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Year : 2021  |  Volume : 8  |  Issue : 4  |  Page : 383-389

Echocardiographic abnormalities in patients with chronic liver disease: Observations from Thrissur, Kerala, India

1 Department of Medicine, Government Medical College, Thrissur, Kerala, India
2 Department of Gastroenterology, Government Medical College, Thrissur, Kerala, India
3 Department of Cardiology, Government Medical College, Thrissur, Kerala, India

Correspondence Address:
Dr. Mukundan Chelakkat
Department of Cardiology, Government Medical College, Thrissur 680596, Kerala.
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Source of Support: None, Conflict of Interest: None

DOI: 10.4103/mgmj.mgmj_84_21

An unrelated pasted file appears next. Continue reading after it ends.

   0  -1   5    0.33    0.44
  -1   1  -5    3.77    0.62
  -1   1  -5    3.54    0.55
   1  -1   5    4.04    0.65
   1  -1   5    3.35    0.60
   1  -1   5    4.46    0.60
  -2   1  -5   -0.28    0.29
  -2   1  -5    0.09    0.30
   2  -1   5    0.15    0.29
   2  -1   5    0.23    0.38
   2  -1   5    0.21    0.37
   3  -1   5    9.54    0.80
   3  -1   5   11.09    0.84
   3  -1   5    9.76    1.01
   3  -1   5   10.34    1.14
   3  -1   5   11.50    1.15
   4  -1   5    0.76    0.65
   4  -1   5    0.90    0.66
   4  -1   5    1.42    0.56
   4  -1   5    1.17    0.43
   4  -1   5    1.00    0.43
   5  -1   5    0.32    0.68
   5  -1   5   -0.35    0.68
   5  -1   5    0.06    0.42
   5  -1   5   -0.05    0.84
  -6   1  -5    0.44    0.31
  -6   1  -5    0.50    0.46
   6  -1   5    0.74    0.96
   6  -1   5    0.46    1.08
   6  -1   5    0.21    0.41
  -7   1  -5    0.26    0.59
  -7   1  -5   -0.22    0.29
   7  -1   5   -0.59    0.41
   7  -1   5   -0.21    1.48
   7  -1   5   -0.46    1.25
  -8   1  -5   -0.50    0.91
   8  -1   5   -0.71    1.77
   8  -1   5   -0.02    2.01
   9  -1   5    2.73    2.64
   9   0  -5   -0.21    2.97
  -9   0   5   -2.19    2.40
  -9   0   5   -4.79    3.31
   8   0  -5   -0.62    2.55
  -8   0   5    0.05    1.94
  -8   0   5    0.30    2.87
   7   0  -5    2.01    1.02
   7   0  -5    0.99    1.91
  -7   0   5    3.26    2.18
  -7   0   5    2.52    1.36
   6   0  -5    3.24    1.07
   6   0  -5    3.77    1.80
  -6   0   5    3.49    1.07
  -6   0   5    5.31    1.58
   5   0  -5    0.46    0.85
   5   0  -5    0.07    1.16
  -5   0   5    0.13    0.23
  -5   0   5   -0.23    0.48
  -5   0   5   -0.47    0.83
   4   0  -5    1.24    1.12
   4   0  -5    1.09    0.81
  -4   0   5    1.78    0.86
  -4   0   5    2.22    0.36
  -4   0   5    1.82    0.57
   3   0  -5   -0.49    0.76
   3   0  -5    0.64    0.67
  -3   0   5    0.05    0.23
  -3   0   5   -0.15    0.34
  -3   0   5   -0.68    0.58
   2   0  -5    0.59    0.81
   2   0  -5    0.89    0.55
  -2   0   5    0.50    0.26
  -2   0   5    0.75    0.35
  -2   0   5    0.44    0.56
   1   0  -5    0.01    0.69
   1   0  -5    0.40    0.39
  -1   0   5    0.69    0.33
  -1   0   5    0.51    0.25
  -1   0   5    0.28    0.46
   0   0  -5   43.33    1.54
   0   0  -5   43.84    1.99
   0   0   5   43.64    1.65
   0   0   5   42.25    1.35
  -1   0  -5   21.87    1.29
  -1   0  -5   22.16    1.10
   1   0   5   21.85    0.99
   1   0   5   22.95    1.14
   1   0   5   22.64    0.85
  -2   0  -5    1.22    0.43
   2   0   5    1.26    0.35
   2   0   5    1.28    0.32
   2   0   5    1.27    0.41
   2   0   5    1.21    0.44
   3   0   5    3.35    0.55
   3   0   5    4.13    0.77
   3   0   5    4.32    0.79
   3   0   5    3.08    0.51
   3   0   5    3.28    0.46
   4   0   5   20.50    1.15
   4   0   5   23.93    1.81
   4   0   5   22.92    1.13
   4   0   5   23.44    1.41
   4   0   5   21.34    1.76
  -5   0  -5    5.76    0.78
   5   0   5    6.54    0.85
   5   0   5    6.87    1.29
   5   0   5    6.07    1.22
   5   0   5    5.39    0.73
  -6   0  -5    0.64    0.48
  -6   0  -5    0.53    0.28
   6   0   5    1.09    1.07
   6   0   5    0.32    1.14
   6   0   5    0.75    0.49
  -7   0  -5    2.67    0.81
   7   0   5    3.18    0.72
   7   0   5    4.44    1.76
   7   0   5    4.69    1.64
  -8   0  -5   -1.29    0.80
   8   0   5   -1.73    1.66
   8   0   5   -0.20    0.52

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Background: Chronic liver disease is an important cause of mortality as well as morbidity all over the world. Cirrhosis causes clinical manifestations extending beyond the liver. In patients with chronic liver disease, the cause of mortality is usually related to the liver pathology, but extrahepatic manifestations of chronic liver damage contribute significantly to the morbidity. With regards to the cardiovascular system, the manifestations are due to circulatory disturbances and cardiac dysfunction. Among all etiologies, cirrhotic cardiomyopathy is the cardiac dysfunction secondary to chronic liver disease. Objective: To study the echocardiographic abnormalities in patients with chronic liver disease. Materials and Methods: This was a cross-sectional study that was conducted on 80 patients in a tertiary care center. All etiologies for chronic liver disease were included. The diagnosis was confirmed by clinical features, laboratory and imaging criteria, and endoscopic evidence, and the duration of the abnormalities was to be persistent for more than six months. Echocardiography was done within one week of conducting the investigations. Echocardiography was done by the same cardiologist, who was a part of the study group, for all the patients. Results: The study cohort included 69 males and 11 females. The age ranged from 36 years to 76 years. The most common abnormality noted was left ventricular hypertrophy 48 (60%). Diastolic dysfunction was observed in 33 (41.5%). The other abnormalities noted include: left ventricular dilatation 5 (6.25%), dilated left atrium 13 (16.25%), increase in pulmonary artery pressure 15 (18.75%), and right ventricular dysfunction 10 (12.5%). Conclusion: Cirrhotic cardiomyopathy is a common but silent entity. A high index of suspicion is to be kept for this entity while managing patients with cirrhosis. The existence of this entity, if known, will be helpful in the management of patients during procedures or diseases that place stress on the heart. The use of newer modalities of imaging such as tissue Doppler imaging and two-dimensional speckle tracking echocardiography is more sensitive than conventional echocardiography for identifying cardiac dysfunction.

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